WORKSHOP: Case Study - CPAG secures extra cash for children

Francois LeGoff


Background: The Child Poverty Action Group campaigns for the eradication of child and family poverty in the UK and seeks to improve benefits and policies for low-income families. Children in households with an income below 60 per cent of the median income nationwide are defined as living in poverty. The charity monitors official poverty statistics and carries out research to expose the shortcomings of the social security system.

It presents these findings in regular briefings to government ministers, MPs and the public.

The CPAG receives no government funding. Most of its annual income comes from the sale of various publications, subscriptions from its 5,000 members and individual donations.

Since 1999, when the Prime Minister pledged to eradicate child poverty within 20 years, the charity has been watching the Government very closely to make sure it honours its commitments.

The Government's first target is to reduce child poverty by a quarter by the end of 2004/5, but forecasts published by the Institute for Fiscal Studies in January 2003 suggested that this target would not be met unless the child tax credit was increased from £3 to £5 a week.

In August 2003, four months before the Chancellor announced the changes to child tax credit as from April 2004, the CPAG decided to launch a campaign urging him to give an extra £5 a week for each child living in poverty.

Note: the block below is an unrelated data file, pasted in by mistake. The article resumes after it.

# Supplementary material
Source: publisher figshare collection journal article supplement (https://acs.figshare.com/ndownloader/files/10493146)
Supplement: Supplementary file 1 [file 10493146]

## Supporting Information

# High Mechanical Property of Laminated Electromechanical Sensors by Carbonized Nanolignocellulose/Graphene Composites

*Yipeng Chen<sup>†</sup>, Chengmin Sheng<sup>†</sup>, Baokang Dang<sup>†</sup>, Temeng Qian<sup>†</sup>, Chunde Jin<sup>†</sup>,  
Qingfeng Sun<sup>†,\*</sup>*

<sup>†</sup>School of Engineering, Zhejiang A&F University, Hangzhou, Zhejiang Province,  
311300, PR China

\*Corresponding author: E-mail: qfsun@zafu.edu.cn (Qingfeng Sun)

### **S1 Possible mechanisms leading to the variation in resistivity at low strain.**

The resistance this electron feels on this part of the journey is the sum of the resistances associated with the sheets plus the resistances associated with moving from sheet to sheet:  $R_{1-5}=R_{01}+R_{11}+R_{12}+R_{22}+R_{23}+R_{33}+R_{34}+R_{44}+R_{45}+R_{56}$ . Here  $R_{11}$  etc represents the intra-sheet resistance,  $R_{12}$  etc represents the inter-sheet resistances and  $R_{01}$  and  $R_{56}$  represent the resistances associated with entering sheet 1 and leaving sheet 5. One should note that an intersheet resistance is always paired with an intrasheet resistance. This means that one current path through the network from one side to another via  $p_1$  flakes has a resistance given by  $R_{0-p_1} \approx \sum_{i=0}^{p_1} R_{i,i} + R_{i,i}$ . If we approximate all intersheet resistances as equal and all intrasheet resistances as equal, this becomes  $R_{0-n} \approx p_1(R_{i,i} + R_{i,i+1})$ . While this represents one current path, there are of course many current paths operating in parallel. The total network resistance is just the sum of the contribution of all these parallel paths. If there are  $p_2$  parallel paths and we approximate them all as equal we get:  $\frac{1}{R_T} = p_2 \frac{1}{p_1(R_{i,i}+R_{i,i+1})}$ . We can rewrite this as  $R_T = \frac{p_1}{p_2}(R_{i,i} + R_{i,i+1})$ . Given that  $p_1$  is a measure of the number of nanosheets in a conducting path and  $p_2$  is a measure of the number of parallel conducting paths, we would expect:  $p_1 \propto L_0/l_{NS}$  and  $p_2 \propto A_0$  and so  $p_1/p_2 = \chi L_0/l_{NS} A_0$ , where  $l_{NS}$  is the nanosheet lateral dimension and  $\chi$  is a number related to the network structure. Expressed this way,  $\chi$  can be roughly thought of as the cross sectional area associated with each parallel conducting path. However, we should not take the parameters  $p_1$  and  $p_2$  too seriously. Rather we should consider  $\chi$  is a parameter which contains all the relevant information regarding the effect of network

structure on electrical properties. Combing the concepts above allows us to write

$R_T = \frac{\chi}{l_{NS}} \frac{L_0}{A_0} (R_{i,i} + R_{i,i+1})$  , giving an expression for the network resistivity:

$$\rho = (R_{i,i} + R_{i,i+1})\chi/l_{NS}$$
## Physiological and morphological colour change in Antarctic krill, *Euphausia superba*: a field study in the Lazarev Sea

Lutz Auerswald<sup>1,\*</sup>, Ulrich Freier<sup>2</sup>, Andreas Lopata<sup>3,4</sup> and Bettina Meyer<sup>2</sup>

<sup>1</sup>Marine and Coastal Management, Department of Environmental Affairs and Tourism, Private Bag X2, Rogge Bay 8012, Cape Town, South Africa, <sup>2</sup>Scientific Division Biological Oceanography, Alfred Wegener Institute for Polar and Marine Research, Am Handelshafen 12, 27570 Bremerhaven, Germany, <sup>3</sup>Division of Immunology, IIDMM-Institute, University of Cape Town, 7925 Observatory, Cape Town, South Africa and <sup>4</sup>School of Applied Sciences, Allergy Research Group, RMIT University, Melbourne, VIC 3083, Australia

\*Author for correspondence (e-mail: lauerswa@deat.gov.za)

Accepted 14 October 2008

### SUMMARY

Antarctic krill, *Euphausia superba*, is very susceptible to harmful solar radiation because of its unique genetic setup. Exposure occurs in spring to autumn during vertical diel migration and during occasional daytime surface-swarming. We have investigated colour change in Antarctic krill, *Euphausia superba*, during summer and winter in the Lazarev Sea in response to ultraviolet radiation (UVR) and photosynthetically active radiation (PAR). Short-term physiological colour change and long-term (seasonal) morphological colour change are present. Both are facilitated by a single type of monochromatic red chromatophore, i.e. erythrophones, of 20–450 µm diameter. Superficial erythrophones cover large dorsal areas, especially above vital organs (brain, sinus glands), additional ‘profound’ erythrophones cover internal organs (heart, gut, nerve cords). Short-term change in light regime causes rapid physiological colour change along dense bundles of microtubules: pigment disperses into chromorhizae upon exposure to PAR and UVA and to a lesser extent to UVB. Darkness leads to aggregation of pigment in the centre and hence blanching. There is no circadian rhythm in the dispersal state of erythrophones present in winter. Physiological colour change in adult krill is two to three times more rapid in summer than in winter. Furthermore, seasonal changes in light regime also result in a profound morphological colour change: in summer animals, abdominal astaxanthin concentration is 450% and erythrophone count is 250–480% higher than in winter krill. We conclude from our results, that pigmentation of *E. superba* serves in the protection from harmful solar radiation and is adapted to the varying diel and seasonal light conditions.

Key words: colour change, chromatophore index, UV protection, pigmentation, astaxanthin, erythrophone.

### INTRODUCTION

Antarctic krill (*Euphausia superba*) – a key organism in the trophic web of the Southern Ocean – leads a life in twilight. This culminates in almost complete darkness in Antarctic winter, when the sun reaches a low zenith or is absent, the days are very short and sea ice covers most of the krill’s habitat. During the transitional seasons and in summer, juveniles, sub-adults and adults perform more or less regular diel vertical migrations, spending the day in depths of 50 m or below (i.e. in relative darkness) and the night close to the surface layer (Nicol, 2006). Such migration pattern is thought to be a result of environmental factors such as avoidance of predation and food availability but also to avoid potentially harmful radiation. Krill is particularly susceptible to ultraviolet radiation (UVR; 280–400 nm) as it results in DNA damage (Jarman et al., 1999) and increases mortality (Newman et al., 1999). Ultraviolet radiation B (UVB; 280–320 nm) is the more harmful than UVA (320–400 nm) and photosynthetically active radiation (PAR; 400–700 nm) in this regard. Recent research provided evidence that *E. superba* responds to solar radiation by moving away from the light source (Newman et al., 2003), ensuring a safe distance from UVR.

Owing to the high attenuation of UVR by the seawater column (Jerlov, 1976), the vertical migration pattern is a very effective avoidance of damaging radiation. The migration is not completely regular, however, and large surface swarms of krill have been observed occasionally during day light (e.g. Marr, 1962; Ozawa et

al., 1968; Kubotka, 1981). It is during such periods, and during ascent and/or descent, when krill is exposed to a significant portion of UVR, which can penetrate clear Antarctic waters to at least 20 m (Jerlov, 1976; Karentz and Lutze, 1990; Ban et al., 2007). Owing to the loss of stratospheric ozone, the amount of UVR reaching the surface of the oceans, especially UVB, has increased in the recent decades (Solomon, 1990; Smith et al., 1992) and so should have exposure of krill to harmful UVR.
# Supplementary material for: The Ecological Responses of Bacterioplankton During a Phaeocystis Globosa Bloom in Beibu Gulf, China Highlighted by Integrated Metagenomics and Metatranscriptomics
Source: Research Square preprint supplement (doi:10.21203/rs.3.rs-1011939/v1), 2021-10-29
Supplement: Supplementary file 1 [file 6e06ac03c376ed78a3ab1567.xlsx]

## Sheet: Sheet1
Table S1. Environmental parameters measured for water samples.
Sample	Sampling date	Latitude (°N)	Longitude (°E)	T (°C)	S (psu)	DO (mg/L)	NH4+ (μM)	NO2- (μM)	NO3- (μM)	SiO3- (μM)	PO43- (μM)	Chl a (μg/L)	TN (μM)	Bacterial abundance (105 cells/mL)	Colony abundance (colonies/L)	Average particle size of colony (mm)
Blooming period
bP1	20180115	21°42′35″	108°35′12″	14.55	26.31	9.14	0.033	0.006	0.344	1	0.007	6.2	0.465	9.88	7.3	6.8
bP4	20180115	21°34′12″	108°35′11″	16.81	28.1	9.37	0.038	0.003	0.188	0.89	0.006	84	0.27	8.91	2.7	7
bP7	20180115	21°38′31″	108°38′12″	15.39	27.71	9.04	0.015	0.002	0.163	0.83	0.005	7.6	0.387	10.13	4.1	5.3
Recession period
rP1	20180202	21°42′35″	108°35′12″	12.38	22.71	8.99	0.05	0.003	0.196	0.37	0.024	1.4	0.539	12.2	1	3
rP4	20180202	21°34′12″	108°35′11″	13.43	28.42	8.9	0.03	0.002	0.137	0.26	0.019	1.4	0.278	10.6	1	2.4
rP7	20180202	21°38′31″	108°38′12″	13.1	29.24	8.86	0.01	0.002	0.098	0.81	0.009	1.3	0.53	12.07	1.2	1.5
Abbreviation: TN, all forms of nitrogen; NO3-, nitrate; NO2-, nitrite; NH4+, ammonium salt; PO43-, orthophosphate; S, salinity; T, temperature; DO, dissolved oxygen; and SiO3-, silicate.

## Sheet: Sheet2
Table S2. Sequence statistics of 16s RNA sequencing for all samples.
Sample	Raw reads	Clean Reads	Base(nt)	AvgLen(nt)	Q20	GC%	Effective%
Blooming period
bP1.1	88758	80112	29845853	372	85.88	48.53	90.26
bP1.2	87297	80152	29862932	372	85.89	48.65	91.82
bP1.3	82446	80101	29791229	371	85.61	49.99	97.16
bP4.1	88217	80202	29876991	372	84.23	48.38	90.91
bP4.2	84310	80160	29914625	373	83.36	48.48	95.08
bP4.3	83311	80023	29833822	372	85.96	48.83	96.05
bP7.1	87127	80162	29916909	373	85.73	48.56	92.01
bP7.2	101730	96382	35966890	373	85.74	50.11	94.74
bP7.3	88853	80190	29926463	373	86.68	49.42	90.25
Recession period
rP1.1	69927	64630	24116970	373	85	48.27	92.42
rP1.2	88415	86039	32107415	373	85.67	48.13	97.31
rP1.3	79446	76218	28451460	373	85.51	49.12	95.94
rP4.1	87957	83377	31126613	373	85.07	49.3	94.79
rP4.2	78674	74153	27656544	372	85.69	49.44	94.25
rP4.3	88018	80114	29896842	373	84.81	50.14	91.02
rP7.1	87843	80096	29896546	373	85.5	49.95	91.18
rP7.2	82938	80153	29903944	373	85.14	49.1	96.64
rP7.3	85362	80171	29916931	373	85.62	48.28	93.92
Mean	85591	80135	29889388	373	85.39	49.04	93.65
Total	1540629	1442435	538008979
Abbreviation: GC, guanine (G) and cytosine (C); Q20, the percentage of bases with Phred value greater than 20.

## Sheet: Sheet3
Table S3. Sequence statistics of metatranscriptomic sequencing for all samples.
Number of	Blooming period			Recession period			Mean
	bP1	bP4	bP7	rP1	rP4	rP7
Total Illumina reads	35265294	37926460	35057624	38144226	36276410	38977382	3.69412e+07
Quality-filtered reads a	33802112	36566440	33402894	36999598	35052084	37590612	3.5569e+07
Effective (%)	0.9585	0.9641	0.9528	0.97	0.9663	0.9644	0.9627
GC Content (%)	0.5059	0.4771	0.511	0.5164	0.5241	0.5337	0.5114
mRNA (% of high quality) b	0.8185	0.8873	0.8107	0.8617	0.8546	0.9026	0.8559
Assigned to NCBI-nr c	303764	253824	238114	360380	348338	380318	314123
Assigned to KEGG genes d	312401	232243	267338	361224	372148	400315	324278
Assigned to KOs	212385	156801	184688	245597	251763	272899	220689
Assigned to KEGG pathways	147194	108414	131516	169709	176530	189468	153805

Aims: Called 'Make it a fiver Gordon!', the campaign aimed to persuade the Chancellor to take the Institute for Fiscal Studies' warnings seriously, and to boost the cash that the Government dedicates to the eradication of child poverty in the UK.

How it worked: With a budget of a few thousand pounds, the CPAG could not afford to spend vast amounts of money on advertising and campaign materials. The charity sent postcards to its 5,000 members asking them and their relatives to fill their name and address in support of the campaign.

Supporters could also fill an e-card available on request via email. All the postcards were then collected by CPAG and taken to 11 Downing Street.

Finally, the campaign was backed by 12 MPs who wrote to the Chancellor urging him to increase the child tax credit by £5 a week.

Results: Child benefit was a focal point of December's pre-budget statement.

At the end of his report, the Chancellor placed particular emphasis on increases in tax credits for low-income families. He announced a rise in child tax credit of 13 per cent, equivalent to an extra £3.50 a week.

"Because every child should be born into a world of opportunity and not condemned to poverty, maximum help for the first child worth just £27 a week in 1997 will rise in April to £58, and for two children from just £44 a week to £100 a week", said the Chancellor.

Alongside the extra measures taken to reduce child poverty, the Chancellor encouraged employers to fund childcare by offering their staff childcare vouchers of up to £50 a week, free from national insurance and income tax. He also committed to the creation of 1,000 centres for pre-school children and their parents.

"We are very pleased with the outcome of this campaign given the small budget we had and the financial pressure the Chancellor was under," said Martin Barnes, director of the CPAG. "Substantial extra investment will be needed if child poverty is to be halved and then eradicated."

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